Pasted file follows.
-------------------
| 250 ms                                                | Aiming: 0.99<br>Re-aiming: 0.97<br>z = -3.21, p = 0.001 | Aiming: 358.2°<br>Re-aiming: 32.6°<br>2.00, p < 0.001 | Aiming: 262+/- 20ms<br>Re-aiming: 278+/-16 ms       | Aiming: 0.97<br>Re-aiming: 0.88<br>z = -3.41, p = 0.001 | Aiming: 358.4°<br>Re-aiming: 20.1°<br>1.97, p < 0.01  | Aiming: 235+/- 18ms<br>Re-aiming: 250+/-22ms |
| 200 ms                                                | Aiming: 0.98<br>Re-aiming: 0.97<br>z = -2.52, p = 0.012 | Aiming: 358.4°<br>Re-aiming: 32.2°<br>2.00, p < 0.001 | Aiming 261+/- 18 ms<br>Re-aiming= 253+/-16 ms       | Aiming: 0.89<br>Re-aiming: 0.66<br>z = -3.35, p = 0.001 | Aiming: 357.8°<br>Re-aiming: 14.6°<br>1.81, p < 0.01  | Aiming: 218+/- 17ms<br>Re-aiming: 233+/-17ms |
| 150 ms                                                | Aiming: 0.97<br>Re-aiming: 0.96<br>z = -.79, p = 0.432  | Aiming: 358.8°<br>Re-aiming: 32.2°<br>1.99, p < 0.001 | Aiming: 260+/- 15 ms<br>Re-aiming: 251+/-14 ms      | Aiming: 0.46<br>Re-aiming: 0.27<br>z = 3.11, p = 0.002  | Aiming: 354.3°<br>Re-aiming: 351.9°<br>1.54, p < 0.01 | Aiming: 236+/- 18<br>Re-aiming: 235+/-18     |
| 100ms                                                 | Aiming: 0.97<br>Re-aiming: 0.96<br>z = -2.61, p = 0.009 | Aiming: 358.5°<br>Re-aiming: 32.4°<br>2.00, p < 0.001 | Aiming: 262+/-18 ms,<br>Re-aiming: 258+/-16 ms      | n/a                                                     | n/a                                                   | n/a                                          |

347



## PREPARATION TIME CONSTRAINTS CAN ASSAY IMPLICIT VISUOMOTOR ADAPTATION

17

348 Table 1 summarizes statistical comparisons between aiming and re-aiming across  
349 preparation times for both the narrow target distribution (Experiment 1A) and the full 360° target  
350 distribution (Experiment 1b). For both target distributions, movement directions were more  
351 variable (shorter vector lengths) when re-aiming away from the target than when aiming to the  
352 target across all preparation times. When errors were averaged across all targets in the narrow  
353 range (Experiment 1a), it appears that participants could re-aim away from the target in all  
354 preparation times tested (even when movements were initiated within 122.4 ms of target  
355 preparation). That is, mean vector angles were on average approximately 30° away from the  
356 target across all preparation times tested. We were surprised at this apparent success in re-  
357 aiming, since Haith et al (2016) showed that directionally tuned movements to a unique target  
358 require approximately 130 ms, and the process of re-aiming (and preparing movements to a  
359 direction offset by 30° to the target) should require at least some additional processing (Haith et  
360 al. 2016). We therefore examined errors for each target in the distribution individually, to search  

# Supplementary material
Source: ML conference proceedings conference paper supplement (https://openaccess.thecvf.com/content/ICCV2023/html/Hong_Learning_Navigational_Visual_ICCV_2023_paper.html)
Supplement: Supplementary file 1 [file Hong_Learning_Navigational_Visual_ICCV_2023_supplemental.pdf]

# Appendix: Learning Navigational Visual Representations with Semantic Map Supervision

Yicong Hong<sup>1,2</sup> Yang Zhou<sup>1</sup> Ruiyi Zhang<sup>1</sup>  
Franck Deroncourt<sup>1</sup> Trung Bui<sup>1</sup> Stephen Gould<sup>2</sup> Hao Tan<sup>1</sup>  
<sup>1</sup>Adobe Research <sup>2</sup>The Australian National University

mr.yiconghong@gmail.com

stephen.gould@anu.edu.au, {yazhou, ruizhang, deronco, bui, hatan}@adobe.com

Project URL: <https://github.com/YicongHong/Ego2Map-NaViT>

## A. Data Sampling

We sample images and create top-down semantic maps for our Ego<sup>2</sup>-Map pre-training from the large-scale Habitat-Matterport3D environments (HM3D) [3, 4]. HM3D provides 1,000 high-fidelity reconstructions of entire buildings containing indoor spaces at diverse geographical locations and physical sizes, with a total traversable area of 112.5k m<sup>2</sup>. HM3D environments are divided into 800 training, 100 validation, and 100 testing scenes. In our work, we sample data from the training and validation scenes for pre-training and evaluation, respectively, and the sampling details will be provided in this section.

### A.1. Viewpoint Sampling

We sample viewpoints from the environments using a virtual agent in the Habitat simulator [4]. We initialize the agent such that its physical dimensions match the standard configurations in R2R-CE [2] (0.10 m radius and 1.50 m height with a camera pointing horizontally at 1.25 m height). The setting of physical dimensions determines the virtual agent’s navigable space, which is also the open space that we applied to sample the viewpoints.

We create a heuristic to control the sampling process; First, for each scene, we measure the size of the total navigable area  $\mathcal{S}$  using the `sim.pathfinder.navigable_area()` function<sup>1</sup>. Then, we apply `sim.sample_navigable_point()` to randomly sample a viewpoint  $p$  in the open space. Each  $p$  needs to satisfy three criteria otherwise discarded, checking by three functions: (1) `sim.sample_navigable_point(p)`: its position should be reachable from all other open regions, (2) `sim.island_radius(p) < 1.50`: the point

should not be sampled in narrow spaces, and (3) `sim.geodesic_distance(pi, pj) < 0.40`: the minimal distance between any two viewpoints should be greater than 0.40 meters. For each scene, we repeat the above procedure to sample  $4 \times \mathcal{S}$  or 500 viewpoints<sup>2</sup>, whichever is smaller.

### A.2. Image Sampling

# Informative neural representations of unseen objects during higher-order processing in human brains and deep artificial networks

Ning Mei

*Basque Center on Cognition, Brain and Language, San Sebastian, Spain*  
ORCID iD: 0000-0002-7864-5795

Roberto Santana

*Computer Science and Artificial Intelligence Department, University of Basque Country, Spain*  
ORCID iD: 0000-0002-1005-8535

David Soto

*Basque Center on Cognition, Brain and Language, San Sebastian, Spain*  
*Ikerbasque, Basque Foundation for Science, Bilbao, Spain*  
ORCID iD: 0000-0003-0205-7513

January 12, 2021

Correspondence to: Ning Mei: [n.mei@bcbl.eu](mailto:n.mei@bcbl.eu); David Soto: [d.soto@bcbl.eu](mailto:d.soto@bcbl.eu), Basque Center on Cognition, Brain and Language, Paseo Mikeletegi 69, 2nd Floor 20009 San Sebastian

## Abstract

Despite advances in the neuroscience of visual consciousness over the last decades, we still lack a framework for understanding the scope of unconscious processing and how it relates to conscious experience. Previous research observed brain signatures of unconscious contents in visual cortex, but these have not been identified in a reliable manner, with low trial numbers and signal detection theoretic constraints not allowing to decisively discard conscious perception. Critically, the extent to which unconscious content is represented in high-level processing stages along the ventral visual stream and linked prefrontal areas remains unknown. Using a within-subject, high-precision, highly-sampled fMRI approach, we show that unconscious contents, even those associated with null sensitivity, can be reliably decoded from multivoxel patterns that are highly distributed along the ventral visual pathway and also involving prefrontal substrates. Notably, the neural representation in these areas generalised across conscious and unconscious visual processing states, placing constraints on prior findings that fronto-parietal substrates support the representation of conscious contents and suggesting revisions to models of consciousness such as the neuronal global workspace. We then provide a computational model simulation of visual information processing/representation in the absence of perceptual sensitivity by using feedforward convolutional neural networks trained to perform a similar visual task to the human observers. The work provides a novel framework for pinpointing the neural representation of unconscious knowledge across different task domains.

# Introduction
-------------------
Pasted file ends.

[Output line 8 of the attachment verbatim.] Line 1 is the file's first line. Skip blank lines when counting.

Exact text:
348 Table 1 summarizes statistical comparisons between aiming and re-aiming across  